deployed bases and an uncertain security environment, a joint force commander is left with two

    options when required to gain entry into a contested foreign territory - airborne assault or

    amphibious assault insertion. This paper evaluates the two traditional means of forcible entry

    operations available to a joint force commander based on the operational factors of time, space

    and force. A comparative analysis of both forcible entry capabilities is used to determine the

    advantages and disadvantages that both options present to the joint force commander when

    forced to respond with a swift U.S. military intervention. In addition, select cases from

    OPERATION ENDURING FREEDOM, OPERATION JUST CAUSE, and OPERATION

    UPHOLD DEMOCRACY are discussed in order to further illustrate the unique capabilities and

    advantages that airborne forces can provide to the joint force commander. In todays uncertain

    environment, the airborne assault force provides the joint force commander the most expedient

    and practical forcible entry response available.

  • 1

    Introduction

    If the United States (U.S.) is denied access to a foreign country, which capability is better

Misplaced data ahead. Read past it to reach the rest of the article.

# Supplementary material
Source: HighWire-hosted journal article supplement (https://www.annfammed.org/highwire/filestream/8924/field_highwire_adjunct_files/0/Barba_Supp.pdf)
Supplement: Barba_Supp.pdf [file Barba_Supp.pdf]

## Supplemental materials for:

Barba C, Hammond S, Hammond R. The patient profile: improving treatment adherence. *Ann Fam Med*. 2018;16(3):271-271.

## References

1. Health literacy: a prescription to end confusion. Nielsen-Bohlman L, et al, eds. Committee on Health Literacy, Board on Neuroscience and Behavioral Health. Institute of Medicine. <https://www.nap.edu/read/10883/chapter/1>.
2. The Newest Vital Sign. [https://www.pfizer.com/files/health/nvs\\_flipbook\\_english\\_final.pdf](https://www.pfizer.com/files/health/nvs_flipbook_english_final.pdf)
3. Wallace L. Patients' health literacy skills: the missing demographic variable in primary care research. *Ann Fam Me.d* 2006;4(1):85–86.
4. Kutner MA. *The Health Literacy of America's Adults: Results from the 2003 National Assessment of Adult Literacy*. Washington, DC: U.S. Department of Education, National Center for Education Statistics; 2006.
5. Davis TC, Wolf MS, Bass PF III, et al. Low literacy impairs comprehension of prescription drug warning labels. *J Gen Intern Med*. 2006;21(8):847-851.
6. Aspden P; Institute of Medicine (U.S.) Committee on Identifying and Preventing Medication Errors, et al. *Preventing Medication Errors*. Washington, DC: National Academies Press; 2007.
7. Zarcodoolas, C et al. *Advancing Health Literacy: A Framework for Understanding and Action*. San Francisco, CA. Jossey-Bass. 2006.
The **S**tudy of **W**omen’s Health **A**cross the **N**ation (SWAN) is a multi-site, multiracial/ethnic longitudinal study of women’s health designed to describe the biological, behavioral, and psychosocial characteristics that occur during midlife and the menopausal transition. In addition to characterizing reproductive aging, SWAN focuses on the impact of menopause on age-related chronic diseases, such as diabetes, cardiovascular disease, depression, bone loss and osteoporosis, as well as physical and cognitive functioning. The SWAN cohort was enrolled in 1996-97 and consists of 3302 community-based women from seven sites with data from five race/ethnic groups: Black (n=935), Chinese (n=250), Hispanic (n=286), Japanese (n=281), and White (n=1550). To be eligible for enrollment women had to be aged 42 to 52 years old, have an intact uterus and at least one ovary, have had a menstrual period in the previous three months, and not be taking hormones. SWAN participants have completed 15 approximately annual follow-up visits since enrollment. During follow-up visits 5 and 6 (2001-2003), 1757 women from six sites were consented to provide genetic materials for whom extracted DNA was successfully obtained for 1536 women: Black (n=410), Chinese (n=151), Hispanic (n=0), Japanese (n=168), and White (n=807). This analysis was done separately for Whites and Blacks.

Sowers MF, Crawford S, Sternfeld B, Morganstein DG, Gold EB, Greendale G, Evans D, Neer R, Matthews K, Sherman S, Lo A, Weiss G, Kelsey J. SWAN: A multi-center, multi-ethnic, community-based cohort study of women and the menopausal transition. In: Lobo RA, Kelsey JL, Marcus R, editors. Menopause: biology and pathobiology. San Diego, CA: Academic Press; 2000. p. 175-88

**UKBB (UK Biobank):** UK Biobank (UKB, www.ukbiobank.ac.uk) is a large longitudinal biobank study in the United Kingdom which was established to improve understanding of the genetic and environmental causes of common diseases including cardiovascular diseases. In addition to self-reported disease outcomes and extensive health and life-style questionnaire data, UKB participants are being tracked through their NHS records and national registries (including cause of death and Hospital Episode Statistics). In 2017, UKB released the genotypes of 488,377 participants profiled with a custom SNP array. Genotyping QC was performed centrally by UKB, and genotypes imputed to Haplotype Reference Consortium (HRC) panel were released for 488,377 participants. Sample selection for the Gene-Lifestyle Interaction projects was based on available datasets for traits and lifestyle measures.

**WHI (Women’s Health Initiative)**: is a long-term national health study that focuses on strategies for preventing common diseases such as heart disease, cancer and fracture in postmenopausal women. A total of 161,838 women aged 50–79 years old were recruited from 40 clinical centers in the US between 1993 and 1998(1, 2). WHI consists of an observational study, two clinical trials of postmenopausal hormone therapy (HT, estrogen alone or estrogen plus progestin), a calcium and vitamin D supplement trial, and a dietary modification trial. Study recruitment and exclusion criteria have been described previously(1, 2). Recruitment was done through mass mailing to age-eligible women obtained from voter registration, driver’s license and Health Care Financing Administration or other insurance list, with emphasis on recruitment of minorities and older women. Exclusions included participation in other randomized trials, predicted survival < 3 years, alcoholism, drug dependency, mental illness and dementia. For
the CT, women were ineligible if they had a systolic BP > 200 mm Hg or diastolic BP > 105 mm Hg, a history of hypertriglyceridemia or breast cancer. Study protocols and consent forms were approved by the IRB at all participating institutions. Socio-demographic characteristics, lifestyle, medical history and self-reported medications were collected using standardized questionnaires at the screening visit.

suited to gain entry when conducting a wide range of contingency operations - airborne assault

    or amphibious assault forces? Faced with a reduced number of forward deployed bases and an

    uncertain security environment, a joint force commander is left with two options when required

    to gain entry into a contested foreign territory - airborne assault or amphibious assault. In

    analyzing Joint Forcible Entry Operations (JFEO) in terms of operational factors and potential

    missions, airborne assault forces provide the joint force commander a better forcible entry option

    than amphibious assault forces in respect to factor time, space, and force.

    The 21st Century operating environment is shaped by many symmetric and asymmetric

    threats, factors and actors. Todays military force needs to remain agile, rapidly deployable and

    capable of accomplishing the Nations objectives anywhere in the world. Given the reality of

    the U.S. fiscal constraints, political and military leaders will continue to reduce the Nations

    global footprint with the intent of not losing its global influence. The next quarter century will

    challenge U.S. joint forces with threats and opportunities ranging from regular and irregular wars

    in remote lands, to relief in crisis zones, to a combination of security, engagement, and stability

    operations in support of failing or failed states.1 In all cases, the U.S. must continue to

    demonstrate steadfast engagement and the ability to rapidly deploy to address these worldwide

    challenges.

    However, since the fall of the Iron Curtain and the end of the cold war, the U.S. has

    conducted a global repositioning effort, reducing the number of forward operating bases and

    opting to garrison a majority of its military forces stateside.2 According to the 2008 Nat